On or about 1979, juvenile detainees filed a class action lawsuit pursuant to 42 U.S.C. § 1983 against the Florida Department of Health and Rehabilitative Services in the United States District Court for the Northern District of Florida. The plaintiffs, represented by Central Florida Legal Services, specifically alleged that the Volusia Regional Juvenile Detention Center's policy of performing strip searches and cavity inspections several times a day violated their constitutional rights and that punishment was imposed arbitrarily. Punishment included taking away already limited privileges such as phone use and recreation time and being placed in isolation. Plaintiffs further alleged that intake procedures took excessive amounts of time leading to prolonged detention of children before it was clear why they were at the detention center, that food and sanitation problems plagued the detention center, and that there were fire safety and overcrowding problems. In addition, plaintiffs complained that the health care provided by the detention center, which consisted of a nurse visiting the facility one morning a week, was inadequate. Plaintiffs sought declaratory and injunctive relief and damages.
On June 12, 1980 the U.S. District Court for the Northern District of Florida (Judge William Stafford) entered a stipulation and consent order that detailed changes that the detention center would have to implement. The center was ordered to allow privacy during attorney-client communication, improve intake procedures, improve communication between counselors and detention staff, contract with the Volusia County Health Department for nutritional consultative services and take steps to insure proper food storage, and continue to comply with the recommendations of the Fire Marshall.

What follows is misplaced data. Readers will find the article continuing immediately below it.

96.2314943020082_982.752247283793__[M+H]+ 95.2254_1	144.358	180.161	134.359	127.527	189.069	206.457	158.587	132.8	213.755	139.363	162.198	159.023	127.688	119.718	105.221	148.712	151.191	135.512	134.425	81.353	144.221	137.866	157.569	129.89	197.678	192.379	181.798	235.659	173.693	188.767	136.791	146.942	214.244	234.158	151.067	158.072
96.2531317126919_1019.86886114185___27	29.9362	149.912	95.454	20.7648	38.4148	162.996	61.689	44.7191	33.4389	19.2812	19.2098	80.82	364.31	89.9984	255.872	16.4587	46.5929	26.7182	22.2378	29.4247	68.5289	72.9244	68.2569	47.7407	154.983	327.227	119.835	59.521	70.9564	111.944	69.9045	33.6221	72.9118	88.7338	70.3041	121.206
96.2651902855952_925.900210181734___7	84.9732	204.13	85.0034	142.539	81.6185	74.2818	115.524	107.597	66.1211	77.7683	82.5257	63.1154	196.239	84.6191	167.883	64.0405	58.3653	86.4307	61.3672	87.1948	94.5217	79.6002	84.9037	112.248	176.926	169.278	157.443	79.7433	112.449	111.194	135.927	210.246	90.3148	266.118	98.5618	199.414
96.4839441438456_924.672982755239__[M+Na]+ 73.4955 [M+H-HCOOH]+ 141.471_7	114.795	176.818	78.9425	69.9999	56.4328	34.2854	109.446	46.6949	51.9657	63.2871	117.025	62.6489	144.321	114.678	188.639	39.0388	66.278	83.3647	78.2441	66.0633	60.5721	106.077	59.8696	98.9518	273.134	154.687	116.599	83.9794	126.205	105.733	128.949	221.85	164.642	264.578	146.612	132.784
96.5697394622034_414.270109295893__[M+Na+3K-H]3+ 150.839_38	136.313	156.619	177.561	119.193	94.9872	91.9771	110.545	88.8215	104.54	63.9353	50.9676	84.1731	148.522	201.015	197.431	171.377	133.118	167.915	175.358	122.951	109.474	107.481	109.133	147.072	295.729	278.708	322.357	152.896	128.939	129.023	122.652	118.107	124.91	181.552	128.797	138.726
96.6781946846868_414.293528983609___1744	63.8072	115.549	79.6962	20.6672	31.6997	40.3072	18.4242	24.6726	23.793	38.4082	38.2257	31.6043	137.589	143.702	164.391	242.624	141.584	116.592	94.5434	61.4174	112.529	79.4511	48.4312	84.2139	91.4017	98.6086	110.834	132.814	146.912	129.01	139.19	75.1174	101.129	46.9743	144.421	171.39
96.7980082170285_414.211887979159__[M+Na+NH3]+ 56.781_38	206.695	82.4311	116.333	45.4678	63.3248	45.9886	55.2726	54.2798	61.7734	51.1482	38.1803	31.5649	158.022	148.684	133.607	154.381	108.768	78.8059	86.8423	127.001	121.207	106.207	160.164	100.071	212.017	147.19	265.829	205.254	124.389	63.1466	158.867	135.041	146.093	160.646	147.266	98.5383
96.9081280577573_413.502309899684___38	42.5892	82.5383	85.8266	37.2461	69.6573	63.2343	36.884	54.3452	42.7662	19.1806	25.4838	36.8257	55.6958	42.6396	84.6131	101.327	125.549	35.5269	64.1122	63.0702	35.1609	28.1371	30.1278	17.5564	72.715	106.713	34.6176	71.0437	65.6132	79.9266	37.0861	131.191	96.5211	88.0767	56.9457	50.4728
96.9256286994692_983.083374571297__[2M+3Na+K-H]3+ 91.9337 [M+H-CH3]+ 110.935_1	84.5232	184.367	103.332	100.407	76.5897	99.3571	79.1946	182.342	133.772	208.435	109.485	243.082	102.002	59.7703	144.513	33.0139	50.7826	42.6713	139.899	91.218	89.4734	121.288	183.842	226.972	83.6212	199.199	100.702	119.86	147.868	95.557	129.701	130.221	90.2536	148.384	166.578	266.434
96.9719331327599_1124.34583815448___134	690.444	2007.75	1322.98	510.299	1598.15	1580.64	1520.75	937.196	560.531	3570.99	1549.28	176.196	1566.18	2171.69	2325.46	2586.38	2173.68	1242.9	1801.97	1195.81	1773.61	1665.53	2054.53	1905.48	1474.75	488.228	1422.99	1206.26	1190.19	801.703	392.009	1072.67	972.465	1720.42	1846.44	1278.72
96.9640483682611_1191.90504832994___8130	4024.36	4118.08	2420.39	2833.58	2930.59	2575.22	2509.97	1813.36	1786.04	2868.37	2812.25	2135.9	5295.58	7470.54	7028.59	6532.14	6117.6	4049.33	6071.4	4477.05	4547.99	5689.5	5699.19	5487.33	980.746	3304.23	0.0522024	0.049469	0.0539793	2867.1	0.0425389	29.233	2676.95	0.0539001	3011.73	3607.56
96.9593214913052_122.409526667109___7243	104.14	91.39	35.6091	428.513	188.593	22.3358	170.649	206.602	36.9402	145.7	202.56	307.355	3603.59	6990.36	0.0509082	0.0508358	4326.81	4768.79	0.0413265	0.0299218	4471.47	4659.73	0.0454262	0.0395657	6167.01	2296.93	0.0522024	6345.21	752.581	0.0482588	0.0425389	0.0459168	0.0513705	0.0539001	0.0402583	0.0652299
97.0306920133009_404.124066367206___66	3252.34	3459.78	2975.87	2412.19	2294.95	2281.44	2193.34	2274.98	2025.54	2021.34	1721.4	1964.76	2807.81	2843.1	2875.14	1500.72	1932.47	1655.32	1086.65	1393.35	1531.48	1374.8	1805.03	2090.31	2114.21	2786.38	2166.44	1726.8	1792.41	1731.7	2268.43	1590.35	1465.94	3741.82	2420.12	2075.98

On February 2, 1982, the court issued a partial consent judgment limiting the detention center's use of strip searches and cavity inspections. The court also ordered the center to continue improving recreational programming, to implement an appropriate classification system for detainees when making room assignments, to obtain janitorial services in order to maintain sanitary conditions, and to install benches in holding cells. Prior to the partial consent judgment, the center had already implemented improved educational and recreational programs for the children. The center also ceased contracting with "My House," a group tenement for adult alcoholics, for nonsecure detention. Instead, the center entered into a contract with "Youth Alternative" as an alternative to secure detention at the center.
In addition to claims sought by the class, one class member was permitted to intervene on the class action to pursue individual damage claims related to his isolation without notice or hearing, excessive length and conditions of isolation, unjustified and excessive force applied to him, and denial of medical care. District court findings revealed that the juvenile had been placed in isolation for seven days for laughing at the misdeeds of a fellow detainee and then objecting when that detainee was placed in isolation. The supervisor punished him by throwing him against the wall causing a shoulder injury for which he alleged he was denied medical care. Then he was stripped to his underwear, placed in a small concrete cell with a solid door, and not told how long he would be confined and was not given the opportunity to contest the punishment. His room contained only a metal bunk and a toilet, and he had no books or other ways to occupy himself. He had to eat all of his meals in his cell and was only allowed to leave once every other day to shower. Further, he could not flush his toilet from inside the cell and staff sometimes did not flush the toilet until several hours after he requested they do so. On one occasion, the workers got angry with the plaintiff for banging on the door, so they shackled one ankle and one wrist to his metal bunk and left him for six hours. The court (Judge Stafford) awarded nominal damages based on the claim that isolation without notice and a hearing and the conditions of isolation violated due process. However, the court found that medical care was not deliberately deprived and that the battery was not a constitutional violation.
On appeal, the Eleventh Circuit Court of Appeals (Judge Phyllis Kravitch) held that the battery and depravation of medical care did constitute a constitutional violation. H.C. v. Jarrard, 786 F.2d 1080 (11th Cir. 1986). The court also found that the juvenile was entitled to compensatory and punitive damages and remanded the case to the district court to determine the proper amount of damages for the battery and denial of medical care. There is no docket for this case available on PACER. Emilee Baker - 05/15/2006